Whether you are consciously aware of your body’s response to stress or not, everybody will have their cardio-vascular system respond when you are subjected to stress. For many people, the primary habitual response to stress manifests with significant changes their cardiovascular system. If your life was threatened, your body will respond with the “Flight-Fight Response.” This response would prepare our bodies to fight or to flee in a life saving reaction. The way this response may affect the cardio-vascular system includes: increased heart rate (to pump more blood to muscles and brain for survival,) changes in the pattern of relaxed blood flow (the blood is directed to muscles and brain and away from hands/fingers, feet/toes (they get cool/cold), and digestive/reproductive organs,) and increased blood pressure.
This suggests that the heart rate changes and blood flow patterns change when you are in survival or in a “stressed out” mode. 70% of people with high blood pressure have “Essential” or “Situational” hypertension which means that their blood pressure goes up in the doctor’s office as a response to fear or anxiety. This can also be referred to as “White Coat” hypertension. High blood pressure, if chronic, can damage blood vessels, the kidneys, and makes the heart have to work extra hard to pump against the higher pressures in this system. This can lead to severe health problems. Warning: since this is potentially very serious consult with your physician and get the proper tests to determine how your body responds.
Denial regarding the important negative effects of stress is very common with people who suffer from heart disease. Since reducing stress seems impossible, people ignore the positive results can occur. People, for convenience, will gravitate to medicines to control symptoms of heart disease but the side-effects can be very costly and sometimes the positive results from medication can be limited. Please consider “connecting” with your heart and your body to gain control of your habitual response to stress.
Learning to relax includes learning to “Let Go” with the circulatory system. This will include, slowing heart rate, a vasodilation of blood vessels to reduce blood pressure, and the warming of the hands and feet. All of these responses are exactly opposite the stress response.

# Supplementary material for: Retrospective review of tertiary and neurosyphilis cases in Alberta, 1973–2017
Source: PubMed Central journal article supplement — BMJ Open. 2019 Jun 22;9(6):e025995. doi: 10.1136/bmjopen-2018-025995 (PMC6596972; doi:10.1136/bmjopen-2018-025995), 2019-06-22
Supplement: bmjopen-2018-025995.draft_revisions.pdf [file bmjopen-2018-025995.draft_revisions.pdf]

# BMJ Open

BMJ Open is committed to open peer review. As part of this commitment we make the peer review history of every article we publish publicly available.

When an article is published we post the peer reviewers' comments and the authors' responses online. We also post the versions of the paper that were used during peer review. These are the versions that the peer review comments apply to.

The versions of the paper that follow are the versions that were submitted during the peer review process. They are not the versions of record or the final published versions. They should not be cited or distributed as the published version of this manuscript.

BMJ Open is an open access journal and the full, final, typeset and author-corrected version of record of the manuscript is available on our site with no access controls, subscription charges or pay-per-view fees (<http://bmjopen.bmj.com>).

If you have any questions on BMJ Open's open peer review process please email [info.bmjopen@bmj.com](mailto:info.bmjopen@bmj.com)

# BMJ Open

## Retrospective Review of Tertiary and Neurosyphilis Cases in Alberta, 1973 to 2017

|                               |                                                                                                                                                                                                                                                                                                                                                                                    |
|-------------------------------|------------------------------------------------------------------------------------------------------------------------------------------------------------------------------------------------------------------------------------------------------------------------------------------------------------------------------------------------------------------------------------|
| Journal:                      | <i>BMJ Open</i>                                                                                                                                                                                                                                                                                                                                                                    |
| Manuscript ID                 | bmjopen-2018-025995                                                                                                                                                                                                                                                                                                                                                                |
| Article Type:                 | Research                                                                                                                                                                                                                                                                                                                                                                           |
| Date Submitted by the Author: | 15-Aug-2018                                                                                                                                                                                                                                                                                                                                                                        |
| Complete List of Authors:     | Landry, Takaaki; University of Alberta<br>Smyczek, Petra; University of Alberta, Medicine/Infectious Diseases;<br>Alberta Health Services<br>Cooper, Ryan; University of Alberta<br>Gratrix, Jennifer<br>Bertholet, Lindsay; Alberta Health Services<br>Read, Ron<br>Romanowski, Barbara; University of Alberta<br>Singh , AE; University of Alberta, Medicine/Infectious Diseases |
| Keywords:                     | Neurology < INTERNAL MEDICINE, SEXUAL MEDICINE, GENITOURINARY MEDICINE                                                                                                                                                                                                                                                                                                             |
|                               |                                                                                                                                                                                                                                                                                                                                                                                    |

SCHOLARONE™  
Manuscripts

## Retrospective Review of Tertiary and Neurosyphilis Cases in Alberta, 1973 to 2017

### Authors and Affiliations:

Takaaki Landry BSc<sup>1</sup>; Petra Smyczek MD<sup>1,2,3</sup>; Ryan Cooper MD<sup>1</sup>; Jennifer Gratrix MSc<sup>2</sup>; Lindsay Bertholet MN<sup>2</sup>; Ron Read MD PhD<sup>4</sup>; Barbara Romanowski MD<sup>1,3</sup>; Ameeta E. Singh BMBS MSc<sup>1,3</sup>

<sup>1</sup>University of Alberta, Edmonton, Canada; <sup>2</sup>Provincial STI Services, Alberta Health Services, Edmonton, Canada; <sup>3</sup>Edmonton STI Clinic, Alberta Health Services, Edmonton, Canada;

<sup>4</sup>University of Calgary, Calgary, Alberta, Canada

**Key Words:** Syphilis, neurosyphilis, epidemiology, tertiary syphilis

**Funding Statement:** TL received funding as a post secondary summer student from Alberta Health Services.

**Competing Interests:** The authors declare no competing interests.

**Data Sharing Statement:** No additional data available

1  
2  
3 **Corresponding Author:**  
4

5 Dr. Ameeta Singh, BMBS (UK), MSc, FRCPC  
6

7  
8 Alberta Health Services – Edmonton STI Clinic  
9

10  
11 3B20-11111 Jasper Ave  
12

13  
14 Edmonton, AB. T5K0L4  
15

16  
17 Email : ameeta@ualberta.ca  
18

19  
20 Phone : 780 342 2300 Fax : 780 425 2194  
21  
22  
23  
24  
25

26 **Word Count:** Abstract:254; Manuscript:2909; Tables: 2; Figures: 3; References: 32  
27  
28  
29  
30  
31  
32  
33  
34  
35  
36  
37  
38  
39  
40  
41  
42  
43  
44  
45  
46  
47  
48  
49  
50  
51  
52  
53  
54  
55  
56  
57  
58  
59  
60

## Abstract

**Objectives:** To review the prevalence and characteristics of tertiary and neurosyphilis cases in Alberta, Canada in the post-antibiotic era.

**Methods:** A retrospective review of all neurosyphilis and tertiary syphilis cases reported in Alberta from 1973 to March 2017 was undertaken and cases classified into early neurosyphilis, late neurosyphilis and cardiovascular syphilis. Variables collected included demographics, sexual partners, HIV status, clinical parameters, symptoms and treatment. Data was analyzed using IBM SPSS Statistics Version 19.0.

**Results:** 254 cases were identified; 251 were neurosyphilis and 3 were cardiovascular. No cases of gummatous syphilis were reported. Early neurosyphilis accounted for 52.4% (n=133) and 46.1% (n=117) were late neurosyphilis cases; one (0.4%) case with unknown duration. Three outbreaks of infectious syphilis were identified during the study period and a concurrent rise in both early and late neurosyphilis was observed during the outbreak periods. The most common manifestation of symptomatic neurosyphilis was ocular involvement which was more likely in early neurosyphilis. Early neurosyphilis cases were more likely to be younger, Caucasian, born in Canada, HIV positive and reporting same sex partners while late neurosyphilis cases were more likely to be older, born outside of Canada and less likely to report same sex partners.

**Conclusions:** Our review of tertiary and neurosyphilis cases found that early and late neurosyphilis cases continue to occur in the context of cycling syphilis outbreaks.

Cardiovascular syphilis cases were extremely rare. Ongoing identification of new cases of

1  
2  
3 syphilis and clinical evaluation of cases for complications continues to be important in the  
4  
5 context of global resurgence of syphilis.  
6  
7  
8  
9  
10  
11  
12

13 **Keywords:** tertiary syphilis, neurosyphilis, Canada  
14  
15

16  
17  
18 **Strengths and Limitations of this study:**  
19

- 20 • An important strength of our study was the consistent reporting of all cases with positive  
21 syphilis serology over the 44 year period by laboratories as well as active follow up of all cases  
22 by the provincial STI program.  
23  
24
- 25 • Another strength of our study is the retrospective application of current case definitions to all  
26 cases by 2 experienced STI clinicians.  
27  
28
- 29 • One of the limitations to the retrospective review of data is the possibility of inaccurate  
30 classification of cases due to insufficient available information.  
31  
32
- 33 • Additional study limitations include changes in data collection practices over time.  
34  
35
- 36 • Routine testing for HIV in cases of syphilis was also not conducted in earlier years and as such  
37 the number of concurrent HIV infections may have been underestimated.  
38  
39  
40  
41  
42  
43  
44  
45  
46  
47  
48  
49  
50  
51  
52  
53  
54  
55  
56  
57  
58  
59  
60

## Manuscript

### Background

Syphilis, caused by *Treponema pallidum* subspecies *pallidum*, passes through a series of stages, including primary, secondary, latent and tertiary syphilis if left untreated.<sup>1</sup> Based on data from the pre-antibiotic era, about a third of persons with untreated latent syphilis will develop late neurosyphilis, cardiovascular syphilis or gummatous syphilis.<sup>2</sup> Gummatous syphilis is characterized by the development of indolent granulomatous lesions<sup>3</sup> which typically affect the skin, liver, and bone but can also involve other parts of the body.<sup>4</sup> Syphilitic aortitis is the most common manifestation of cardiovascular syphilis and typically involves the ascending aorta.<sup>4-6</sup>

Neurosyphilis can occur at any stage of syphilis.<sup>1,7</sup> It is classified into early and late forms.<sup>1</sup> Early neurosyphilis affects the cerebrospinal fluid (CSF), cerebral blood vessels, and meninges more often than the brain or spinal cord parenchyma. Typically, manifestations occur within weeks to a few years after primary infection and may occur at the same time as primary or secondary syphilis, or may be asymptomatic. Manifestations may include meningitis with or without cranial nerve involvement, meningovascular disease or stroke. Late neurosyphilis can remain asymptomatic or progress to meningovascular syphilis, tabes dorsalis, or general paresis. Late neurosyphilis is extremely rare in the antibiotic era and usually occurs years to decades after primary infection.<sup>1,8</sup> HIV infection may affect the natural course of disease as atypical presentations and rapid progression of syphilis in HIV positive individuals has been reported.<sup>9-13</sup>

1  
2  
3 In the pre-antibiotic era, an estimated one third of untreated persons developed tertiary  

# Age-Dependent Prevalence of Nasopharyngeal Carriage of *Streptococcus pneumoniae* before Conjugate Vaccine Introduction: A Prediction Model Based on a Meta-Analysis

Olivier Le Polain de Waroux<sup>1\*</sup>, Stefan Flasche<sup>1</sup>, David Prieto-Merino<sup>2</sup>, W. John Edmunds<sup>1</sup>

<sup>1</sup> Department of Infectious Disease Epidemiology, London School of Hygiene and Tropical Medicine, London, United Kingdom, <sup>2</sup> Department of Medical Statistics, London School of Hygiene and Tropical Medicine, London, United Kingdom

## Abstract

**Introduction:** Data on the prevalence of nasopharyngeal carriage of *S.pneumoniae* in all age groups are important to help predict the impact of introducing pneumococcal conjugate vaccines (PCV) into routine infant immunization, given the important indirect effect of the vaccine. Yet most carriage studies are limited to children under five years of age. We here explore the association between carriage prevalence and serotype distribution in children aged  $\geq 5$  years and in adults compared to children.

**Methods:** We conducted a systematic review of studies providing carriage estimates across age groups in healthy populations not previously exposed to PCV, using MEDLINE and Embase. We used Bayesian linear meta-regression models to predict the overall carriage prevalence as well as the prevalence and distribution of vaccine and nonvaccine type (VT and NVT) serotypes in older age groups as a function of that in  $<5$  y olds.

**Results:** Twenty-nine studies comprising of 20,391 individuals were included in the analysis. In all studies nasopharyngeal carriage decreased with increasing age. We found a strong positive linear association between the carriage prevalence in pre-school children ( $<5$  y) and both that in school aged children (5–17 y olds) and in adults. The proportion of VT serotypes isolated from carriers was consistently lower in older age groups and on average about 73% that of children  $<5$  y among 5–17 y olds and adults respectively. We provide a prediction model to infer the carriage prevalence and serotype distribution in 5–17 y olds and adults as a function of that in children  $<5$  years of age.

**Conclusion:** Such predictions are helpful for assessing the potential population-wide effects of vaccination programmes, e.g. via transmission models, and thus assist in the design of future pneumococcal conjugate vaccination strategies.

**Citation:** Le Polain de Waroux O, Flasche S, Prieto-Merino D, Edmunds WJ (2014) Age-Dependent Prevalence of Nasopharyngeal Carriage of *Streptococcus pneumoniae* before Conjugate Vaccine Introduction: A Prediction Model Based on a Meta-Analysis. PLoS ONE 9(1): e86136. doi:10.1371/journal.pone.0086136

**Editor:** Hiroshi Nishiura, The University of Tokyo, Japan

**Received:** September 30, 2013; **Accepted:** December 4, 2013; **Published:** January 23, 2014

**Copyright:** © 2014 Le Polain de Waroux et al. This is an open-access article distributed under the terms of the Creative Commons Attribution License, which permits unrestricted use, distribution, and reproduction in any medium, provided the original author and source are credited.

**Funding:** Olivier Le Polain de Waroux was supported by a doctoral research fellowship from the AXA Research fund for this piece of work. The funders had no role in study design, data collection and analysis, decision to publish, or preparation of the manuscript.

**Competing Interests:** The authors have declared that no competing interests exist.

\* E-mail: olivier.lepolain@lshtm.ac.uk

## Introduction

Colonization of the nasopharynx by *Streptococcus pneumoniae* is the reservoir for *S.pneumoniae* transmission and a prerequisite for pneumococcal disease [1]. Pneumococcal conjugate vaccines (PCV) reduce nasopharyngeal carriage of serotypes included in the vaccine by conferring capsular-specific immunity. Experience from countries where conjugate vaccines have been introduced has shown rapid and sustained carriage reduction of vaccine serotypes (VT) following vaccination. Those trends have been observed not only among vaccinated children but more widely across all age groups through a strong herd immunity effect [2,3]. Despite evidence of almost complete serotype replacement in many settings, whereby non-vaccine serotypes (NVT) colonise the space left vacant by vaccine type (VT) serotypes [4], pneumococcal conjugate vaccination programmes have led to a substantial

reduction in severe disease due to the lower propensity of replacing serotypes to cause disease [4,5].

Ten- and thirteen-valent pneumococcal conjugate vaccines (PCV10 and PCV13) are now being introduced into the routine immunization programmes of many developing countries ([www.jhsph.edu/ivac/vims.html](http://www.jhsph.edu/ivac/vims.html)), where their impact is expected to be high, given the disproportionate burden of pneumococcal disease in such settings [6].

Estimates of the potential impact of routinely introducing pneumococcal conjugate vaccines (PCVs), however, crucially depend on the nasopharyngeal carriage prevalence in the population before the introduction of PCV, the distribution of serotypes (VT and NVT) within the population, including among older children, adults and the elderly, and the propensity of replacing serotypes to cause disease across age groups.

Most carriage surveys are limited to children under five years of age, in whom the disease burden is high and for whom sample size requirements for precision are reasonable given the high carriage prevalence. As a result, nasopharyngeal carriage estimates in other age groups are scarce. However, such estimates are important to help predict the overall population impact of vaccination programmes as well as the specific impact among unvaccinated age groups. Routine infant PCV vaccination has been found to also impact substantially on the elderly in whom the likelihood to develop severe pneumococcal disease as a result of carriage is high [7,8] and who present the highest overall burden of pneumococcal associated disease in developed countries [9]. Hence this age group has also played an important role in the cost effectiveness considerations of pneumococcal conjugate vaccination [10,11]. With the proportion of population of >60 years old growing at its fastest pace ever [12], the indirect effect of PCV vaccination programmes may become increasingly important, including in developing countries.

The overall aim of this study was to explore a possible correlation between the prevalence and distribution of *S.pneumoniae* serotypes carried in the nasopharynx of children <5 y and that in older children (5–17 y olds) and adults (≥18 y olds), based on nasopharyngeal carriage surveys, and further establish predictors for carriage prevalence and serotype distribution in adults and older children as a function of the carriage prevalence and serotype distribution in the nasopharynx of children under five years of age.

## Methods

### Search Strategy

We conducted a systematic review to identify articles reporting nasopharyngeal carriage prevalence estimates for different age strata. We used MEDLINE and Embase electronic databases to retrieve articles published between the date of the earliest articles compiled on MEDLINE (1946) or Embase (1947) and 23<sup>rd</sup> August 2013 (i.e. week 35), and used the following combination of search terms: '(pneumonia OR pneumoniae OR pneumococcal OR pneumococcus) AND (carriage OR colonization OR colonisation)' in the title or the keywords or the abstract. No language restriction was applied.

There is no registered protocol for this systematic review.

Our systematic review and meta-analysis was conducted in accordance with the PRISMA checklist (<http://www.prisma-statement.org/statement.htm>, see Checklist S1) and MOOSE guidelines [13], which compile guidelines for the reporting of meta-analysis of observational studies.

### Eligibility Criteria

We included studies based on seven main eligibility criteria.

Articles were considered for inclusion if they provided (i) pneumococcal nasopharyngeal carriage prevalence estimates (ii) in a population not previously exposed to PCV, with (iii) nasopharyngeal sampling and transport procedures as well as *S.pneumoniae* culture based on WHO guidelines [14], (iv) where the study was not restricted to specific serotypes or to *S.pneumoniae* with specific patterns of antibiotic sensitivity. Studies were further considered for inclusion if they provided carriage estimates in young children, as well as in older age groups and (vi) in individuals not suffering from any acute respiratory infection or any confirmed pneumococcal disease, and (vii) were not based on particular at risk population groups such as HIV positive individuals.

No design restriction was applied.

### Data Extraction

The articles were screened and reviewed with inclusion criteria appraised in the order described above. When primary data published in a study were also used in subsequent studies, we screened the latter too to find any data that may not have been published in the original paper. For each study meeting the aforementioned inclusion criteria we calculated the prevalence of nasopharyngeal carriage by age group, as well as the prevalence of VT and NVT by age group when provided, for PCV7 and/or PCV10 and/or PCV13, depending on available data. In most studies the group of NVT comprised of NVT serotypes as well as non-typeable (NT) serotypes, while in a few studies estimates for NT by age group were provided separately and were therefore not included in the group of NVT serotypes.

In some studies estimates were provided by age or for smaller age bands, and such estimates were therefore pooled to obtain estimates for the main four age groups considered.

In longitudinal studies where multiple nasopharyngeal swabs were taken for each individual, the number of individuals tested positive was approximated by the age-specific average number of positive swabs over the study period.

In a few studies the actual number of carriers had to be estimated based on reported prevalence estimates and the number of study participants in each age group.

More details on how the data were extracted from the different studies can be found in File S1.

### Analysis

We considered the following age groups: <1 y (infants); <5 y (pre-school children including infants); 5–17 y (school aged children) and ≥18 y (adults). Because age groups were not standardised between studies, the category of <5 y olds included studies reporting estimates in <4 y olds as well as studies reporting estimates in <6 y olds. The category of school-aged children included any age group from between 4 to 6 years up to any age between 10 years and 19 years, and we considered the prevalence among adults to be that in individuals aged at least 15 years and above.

Stress can also raise the level of free floating cholesterol which the body produces and releases to patch tears in blood vessels that can occur when the blood pressure goes up. Over time this repair work can create “hardening of the arteries” which also can lead to fatal health challenges like heart disease, strokes (CVA’s), and kidney damage.
If you have had a “by-pass” operation or stents placed in a blood vessel to keep it open or if you wish to help to prevent these situations, consider using regular relaxation, getting more physical exercise, and making dietary changes to prevent this situation from getting as bad as it can, as fast as it will. If your genetics pre-dispose you to cardiovascular disease, high blood pressure, or elevated cholesterol then seriously consider these steps to prevent damage and possible early death.
Articles at our website describe stress management for high blood pressure techniques that can help to lessen the possible negative effects of life’s stress on your systems. Look for the article on Temperature Training Biofeedback as an important add-on which allows the process of self-awareness and stress management to work most effectively. Go to the “articles” page at the Stress Education Center’s website at www.dstress.com for access to this information.
You can get back in control of your body’s habitual response to holding stress in your cardiovascular system with 8-12 weeks of regular practice. These practices will end up saving you time and energy, but may also add “quality” years to your life.